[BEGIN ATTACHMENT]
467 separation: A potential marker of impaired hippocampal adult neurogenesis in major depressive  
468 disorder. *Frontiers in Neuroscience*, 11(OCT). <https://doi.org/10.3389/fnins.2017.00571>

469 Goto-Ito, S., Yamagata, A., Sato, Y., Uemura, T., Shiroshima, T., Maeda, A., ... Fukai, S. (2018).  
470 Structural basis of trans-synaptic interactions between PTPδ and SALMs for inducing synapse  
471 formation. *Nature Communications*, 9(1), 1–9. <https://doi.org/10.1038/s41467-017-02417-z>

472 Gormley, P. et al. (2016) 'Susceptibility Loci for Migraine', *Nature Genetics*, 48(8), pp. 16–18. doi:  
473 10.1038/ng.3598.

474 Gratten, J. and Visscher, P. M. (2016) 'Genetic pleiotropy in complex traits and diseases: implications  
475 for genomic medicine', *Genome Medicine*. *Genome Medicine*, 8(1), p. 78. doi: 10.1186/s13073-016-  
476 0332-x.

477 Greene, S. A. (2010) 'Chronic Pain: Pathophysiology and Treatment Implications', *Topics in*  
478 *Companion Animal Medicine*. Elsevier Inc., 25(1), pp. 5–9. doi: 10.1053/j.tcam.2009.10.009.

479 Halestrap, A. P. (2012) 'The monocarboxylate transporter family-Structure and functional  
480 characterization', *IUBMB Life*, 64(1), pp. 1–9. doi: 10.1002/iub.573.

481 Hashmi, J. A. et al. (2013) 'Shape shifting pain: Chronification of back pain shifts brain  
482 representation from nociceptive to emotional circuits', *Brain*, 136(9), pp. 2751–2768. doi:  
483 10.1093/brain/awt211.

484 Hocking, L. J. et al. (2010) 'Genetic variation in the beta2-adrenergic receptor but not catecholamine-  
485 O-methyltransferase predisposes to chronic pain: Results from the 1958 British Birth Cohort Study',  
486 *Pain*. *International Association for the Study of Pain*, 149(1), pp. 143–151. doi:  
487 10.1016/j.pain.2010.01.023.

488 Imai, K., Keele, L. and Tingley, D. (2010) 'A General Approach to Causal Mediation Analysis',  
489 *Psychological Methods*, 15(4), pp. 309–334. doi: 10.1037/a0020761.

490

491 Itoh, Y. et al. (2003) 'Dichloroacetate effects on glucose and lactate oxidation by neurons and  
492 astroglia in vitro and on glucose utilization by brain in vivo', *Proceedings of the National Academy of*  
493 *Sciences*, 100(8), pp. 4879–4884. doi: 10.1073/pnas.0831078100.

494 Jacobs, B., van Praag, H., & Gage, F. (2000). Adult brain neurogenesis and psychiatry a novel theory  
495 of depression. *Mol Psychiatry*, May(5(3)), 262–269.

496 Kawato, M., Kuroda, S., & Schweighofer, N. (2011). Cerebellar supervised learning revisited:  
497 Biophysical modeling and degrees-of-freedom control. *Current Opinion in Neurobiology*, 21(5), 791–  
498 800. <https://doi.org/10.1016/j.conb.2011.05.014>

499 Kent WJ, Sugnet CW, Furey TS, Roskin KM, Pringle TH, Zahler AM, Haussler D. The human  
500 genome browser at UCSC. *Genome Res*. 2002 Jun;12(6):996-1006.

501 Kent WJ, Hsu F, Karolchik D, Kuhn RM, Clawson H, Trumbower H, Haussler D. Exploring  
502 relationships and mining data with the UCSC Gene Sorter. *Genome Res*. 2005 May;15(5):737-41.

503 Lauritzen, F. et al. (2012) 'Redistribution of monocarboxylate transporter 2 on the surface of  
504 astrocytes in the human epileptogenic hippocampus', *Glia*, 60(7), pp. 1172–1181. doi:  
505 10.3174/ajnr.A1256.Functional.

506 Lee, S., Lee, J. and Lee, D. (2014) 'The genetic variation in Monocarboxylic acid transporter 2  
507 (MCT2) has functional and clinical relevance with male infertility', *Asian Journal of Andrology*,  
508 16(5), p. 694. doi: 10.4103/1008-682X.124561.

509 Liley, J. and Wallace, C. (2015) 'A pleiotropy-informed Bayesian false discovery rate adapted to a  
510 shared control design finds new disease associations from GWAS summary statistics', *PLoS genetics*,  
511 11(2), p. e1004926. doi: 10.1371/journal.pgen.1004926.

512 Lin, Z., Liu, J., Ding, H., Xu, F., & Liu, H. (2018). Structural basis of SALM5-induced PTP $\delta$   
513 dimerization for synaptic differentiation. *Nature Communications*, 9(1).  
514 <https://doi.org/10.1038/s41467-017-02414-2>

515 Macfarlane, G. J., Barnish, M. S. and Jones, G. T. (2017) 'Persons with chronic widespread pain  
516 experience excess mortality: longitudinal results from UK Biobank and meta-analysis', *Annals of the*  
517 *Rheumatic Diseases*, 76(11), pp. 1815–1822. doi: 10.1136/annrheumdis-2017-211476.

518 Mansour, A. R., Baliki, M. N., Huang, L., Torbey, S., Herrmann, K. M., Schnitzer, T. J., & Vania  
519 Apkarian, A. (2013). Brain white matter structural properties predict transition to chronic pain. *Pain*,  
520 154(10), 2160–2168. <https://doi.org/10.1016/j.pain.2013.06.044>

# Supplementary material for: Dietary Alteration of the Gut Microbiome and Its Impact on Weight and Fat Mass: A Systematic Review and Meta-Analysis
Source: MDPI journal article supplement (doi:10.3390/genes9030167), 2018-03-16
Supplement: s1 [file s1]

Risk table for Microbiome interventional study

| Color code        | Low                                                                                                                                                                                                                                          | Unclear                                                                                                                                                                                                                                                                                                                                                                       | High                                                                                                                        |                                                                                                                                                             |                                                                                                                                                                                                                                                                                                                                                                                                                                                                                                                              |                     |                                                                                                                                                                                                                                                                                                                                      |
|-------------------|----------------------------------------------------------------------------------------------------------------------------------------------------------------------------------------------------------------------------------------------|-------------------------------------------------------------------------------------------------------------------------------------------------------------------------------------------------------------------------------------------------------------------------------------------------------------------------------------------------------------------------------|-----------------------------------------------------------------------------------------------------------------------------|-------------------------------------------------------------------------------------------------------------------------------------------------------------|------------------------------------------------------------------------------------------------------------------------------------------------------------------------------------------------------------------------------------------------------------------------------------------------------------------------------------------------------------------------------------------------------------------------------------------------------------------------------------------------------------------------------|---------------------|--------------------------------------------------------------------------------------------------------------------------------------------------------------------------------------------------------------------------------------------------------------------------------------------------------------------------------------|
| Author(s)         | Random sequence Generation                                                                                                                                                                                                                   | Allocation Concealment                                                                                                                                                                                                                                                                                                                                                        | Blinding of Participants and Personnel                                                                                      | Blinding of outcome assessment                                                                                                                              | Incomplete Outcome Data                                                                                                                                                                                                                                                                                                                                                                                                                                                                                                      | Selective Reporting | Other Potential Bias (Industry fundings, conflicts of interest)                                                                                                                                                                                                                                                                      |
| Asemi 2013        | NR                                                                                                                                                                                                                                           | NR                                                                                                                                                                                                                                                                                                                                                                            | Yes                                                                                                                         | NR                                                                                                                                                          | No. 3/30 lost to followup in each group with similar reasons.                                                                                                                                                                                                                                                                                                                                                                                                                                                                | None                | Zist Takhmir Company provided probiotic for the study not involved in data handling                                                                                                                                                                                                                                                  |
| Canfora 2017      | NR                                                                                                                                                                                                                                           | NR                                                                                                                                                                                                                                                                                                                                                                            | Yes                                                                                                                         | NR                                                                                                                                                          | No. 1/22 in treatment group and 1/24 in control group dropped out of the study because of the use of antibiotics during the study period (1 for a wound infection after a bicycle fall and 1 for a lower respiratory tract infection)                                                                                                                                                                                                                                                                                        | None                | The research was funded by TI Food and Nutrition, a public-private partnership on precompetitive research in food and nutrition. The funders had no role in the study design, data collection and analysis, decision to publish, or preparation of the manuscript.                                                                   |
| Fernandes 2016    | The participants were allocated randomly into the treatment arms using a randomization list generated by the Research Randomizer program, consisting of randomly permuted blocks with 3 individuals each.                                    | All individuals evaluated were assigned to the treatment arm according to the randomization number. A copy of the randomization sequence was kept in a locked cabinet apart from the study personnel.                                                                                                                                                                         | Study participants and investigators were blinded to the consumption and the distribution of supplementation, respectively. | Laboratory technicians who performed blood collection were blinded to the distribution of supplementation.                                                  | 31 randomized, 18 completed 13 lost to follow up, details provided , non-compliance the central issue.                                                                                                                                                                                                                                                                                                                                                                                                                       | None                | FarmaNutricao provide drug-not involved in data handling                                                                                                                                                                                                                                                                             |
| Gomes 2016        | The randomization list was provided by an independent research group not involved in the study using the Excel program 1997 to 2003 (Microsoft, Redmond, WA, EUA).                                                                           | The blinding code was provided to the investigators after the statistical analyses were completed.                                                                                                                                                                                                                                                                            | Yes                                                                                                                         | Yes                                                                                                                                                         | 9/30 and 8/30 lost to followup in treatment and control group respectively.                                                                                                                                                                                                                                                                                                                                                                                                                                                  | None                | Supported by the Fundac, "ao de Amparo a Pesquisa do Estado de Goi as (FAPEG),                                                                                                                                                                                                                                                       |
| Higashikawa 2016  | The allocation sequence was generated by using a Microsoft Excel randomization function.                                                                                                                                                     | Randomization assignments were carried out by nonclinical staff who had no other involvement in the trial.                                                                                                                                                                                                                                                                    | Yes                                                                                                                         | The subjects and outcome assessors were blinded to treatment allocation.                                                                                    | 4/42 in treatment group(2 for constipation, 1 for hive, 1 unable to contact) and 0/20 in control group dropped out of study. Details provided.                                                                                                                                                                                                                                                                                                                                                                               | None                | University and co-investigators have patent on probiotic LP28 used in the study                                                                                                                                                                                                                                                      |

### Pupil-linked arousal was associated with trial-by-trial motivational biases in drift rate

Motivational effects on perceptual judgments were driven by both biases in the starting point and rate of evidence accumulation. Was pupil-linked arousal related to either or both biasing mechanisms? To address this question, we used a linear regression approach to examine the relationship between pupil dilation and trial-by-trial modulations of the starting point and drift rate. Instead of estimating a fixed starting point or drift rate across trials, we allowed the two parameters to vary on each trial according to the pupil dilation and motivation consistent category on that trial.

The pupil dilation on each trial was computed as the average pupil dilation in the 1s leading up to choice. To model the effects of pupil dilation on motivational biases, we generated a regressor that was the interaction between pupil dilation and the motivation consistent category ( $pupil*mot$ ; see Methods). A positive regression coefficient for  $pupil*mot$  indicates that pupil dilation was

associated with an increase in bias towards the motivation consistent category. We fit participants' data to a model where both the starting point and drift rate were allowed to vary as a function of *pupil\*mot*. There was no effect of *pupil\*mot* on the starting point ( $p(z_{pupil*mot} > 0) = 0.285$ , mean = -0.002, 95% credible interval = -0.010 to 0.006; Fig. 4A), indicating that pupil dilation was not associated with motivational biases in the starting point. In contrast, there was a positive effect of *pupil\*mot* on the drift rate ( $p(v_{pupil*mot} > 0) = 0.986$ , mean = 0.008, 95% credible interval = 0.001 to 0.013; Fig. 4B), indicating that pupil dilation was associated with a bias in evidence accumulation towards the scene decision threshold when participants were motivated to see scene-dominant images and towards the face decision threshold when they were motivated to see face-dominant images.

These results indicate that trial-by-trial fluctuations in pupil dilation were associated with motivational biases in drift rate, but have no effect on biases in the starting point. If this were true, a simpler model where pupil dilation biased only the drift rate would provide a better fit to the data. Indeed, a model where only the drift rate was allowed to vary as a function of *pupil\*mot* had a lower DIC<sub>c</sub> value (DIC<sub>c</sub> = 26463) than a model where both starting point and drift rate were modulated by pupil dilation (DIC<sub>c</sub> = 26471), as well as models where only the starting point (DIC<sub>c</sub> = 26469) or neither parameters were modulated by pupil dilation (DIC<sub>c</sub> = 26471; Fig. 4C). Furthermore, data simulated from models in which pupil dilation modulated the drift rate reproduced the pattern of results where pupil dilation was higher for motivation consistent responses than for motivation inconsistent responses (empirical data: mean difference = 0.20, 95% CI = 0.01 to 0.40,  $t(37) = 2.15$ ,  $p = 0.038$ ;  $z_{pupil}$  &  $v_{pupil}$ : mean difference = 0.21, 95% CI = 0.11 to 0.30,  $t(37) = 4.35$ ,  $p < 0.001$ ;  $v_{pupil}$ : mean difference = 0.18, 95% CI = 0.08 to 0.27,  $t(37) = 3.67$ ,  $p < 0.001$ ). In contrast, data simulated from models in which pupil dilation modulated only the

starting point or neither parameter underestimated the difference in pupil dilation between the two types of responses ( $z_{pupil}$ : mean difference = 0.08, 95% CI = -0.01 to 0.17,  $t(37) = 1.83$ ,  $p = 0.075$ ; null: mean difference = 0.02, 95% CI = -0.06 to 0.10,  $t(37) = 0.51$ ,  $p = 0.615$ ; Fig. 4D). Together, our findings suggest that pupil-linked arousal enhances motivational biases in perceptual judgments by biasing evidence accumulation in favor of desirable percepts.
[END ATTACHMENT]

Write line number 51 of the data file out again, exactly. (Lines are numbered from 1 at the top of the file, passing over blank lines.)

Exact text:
517 *Rheumatic Diseases*, 76(11), pp. 1815–1822. doi: 10.1136/annrheumdis-2017-211476.